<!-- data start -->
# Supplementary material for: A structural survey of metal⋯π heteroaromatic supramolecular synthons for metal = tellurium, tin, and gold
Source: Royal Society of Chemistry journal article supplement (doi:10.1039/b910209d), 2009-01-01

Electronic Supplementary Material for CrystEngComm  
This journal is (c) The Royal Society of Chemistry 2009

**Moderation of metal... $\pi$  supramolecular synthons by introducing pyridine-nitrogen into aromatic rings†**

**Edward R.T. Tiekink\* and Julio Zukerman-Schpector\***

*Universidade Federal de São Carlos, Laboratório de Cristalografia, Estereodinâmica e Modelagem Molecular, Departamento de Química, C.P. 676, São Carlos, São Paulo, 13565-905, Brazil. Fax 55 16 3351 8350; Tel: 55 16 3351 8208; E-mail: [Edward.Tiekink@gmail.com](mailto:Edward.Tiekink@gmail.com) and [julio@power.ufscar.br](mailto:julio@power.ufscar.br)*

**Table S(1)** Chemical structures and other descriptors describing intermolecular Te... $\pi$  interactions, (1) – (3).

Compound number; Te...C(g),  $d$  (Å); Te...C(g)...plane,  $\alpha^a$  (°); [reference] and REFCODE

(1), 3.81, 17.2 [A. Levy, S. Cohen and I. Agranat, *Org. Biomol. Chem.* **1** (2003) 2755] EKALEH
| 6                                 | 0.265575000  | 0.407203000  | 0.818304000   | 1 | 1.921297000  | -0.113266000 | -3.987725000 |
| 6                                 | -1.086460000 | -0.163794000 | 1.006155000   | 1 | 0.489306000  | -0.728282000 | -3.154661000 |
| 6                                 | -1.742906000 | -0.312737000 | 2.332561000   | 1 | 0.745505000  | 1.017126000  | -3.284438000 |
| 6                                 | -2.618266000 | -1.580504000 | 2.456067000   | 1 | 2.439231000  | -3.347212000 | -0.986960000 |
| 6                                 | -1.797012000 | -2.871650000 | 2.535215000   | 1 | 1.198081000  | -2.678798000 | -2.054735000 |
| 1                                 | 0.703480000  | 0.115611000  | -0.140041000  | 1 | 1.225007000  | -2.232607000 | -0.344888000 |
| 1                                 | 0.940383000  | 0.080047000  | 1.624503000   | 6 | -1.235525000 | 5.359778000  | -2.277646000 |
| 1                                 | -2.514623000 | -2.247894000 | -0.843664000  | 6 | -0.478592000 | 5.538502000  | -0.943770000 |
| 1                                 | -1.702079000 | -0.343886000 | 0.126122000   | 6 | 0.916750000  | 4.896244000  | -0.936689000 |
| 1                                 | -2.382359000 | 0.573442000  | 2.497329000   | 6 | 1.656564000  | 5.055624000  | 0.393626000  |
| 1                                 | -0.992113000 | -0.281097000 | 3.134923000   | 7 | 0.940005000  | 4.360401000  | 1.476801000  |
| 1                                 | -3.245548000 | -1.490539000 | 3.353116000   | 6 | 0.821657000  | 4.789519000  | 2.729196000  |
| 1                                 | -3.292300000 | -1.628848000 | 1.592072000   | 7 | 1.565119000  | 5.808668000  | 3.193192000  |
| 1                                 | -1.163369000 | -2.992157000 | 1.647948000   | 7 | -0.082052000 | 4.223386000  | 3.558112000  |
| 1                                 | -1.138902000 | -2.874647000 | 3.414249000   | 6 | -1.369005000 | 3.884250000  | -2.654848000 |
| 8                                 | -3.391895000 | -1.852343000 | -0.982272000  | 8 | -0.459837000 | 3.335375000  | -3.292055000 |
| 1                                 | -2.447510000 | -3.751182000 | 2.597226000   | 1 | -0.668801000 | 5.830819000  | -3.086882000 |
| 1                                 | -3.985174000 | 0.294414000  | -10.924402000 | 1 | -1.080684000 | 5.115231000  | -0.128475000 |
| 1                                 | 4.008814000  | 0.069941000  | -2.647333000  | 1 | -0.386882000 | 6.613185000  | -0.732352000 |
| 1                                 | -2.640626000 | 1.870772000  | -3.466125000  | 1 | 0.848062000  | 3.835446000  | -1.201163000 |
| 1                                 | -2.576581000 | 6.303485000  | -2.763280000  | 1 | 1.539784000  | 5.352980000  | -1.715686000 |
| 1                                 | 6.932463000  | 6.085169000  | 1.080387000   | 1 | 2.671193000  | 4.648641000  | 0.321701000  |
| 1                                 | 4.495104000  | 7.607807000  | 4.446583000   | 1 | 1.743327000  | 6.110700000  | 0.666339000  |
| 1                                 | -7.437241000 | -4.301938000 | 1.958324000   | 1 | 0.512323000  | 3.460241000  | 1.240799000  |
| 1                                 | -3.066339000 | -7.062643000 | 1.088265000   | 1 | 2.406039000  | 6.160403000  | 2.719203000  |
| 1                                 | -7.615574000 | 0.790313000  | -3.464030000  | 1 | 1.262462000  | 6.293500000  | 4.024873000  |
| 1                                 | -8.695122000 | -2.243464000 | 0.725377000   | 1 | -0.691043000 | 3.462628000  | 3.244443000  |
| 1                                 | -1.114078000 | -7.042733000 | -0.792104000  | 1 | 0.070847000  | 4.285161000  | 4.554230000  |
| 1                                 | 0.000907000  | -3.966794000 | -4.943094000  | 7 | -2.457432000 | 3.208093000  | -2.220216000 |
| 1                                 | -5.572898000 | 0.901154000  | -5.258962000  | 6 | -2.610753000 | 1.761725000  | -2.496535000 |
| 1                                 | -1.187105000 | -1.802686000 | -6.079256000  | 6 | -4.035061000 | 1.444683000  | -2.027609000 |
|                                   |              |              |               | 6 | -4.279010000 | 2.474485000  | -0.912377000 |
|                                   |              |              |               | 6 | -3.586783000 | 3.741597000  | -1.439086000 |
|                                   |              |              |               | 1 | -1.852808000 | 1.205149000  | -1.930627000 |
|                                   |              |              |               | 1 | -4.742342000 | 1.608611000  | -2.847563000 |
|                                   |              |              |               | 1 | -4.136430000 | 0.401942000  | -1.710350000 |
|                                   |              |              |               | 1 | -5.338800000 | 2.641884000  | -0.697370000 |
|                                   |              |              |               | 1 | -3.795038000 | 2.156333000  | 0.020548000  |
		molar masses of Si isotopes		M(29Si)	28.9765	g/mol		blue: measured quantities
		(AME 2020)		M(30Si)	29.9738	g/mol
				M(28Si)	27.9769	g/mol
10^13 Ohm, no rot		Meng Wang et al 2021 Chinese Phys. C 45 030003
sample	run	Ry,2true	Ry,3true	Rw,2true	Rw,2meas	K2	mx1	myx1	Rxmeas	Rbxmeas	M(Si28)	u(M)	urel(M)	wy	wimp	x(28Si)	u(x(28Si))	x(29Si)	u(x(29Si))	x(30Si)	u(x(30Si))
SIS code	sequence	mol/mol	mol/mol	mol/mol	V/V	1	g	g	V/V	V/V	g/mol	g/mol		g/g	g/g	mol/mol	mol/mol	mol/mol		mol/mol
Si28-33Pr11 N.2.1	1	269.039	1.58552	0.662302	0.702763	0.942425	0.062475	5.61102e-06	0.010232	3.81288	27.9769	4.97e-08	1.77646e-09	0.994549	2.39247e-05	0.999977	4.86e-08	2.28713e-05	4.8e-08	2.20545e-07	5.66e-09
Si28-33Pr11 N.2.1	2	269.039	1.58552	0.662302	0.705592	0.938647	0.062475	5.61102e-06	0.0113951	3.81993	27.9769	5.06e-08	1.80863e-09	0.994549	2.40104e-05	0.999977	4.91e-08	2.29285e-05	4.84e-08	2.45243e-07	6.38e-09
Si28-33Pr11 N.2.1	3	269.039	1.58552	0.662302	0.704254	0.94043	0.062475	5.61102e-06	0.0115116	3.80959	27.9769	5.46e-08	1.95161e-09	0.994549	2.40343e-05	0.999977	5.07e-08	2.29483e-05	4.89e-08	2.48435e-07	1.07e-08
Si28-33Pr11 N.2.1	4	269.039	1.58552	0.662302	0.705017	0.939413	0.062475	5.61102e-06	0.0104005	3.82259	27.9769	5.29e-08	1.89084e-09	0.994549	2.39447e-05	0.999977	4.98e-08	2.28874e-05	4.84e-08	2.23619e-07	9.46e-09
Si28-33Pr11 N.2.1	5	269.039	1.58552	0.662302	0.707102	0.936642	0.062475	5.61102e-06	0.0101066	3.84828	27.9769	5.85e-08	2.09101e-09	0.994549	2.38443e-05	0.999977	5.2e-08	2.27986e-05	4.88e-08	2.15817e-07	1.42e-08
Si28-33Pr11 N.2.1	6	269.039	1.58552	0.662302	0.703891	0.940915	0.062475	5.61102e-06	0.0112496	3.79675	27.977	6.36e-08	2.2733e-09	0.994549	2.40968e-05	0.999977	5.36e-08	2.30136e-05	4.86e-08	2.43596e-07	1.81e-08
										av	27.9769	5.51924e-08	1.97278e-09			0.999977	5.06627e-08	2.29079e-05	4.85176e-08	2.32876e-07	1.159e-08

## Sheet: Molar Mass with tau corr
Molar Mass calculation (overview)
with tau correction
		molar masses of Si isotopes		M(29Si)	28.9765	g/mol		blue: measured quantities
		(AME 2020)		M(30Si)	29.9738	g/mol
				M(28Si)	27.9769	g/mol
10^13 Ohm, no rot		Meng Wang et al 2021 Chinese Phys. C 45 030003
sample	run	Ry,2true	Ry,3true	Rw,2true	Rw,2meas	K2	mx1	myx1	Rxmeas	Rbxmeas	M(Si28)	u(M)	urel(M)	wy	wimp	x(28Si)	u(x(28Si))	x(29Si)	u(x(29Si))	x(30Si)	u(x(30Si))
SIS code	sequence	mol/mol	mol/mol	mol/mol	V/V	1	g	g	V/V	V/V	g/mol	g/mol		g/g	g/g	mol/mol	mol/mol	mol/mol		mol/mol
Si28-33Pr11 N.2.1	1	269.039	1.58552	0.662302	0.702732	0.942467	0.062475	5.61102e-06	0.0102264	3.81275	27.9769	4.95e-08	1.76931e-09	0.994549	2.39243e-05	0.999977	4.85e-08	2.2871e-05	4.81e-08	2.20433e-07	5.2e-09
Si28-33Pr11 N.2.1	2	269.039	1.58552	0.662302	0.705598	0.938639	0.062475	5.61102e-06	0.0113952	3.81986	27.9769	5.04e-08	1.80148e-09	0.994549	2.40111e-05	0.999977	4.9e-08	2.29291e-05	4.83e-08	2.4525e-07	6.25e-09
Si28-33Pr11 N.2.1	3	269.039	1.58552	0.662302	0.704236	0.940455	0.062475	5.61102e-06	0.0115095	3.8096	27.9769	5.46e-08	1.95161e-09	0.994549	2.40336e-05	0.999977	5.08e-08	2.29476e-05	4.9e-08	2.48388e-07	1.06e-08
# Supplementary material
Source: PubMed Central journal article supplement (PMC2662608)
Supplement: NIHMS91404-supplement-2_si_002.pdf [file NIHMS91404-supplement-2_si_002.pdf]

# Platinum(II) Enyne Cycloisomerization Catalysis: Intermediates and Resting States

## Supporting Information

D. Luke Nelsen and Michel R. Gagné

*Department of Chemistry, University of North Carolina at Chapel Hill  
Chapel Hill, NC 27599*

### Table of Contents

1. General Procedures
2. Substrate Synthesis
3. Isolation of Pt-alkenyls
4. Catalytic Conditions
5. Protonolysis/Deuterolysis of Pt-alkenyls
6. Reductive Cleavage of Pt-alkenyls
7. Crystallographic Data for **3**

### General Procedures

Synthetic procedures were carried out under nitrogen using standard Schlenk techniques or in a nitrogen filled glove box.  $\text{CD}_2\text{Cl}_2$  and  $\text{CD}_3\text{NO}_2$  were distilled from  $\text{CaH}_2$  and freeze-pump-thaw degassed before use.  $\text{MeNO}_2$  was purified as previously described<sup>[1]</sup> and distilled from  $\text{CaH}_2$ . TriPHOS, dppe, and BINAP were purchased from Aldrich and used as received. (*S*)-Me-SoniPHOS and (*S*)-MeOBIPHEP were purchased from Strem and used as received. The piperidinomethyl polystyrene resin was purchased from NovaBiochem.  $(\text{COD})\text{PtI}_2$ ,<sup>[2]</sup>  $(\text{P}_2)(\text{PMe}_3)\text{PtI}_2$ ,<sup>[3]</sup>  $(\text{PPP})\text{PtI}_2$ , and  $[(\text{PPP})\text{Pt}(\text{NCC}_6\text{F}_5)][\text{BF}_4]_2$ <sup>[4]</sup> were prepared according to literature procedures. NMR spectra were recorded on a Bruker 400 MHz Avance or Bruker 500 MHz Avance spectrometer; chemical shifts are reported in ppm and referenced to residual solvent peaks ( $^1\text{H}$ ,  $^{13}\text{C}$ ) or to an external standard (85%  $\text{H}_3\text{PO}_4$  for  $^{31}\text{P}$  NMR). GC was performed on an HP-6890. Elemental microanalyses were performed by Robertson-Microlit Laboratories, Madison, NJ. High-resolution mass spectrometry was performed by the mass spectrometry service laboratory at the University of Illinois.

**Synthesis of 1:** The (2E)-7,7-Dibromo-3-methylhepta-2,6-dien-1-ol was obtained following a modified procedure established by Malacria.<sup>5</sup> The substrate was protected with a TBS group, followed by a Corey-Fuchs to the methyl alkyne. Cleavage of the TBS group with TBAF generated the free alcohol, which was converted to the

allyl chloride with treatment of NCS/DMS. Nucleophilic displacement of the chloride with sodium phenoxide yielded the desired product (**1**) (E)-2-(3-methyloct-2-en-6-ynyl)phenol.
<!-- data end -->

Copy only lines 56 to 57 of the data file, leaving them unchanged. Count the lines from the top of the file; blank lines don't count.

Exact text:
Si28-33Pr11 N.2.1	2	269.039	1.58552	0.662302	0.705592	0.938647	0.062475	5.61102e-06	0.0113951	3.81993	27.9769	5.06e-08	1.80863e-09	0.994549	2.40104e-05	0.999977	4.91e-08	2.29285e-05	4.84e-08	2.45243e-07	6.38e-09
Si28-33Pr11 N.2.1	3	269.039	1.58552	0.662302	0.704254	0.94043	0.062475	5.61102e-06	0.0115116	3.80959	27.9769	5.46e-08	1.95161e-09	0.994549	2.40343e-05	0.999977	5.07e-08	2.29483e-05	4.89e-08	2.48435e-07	1.07e-08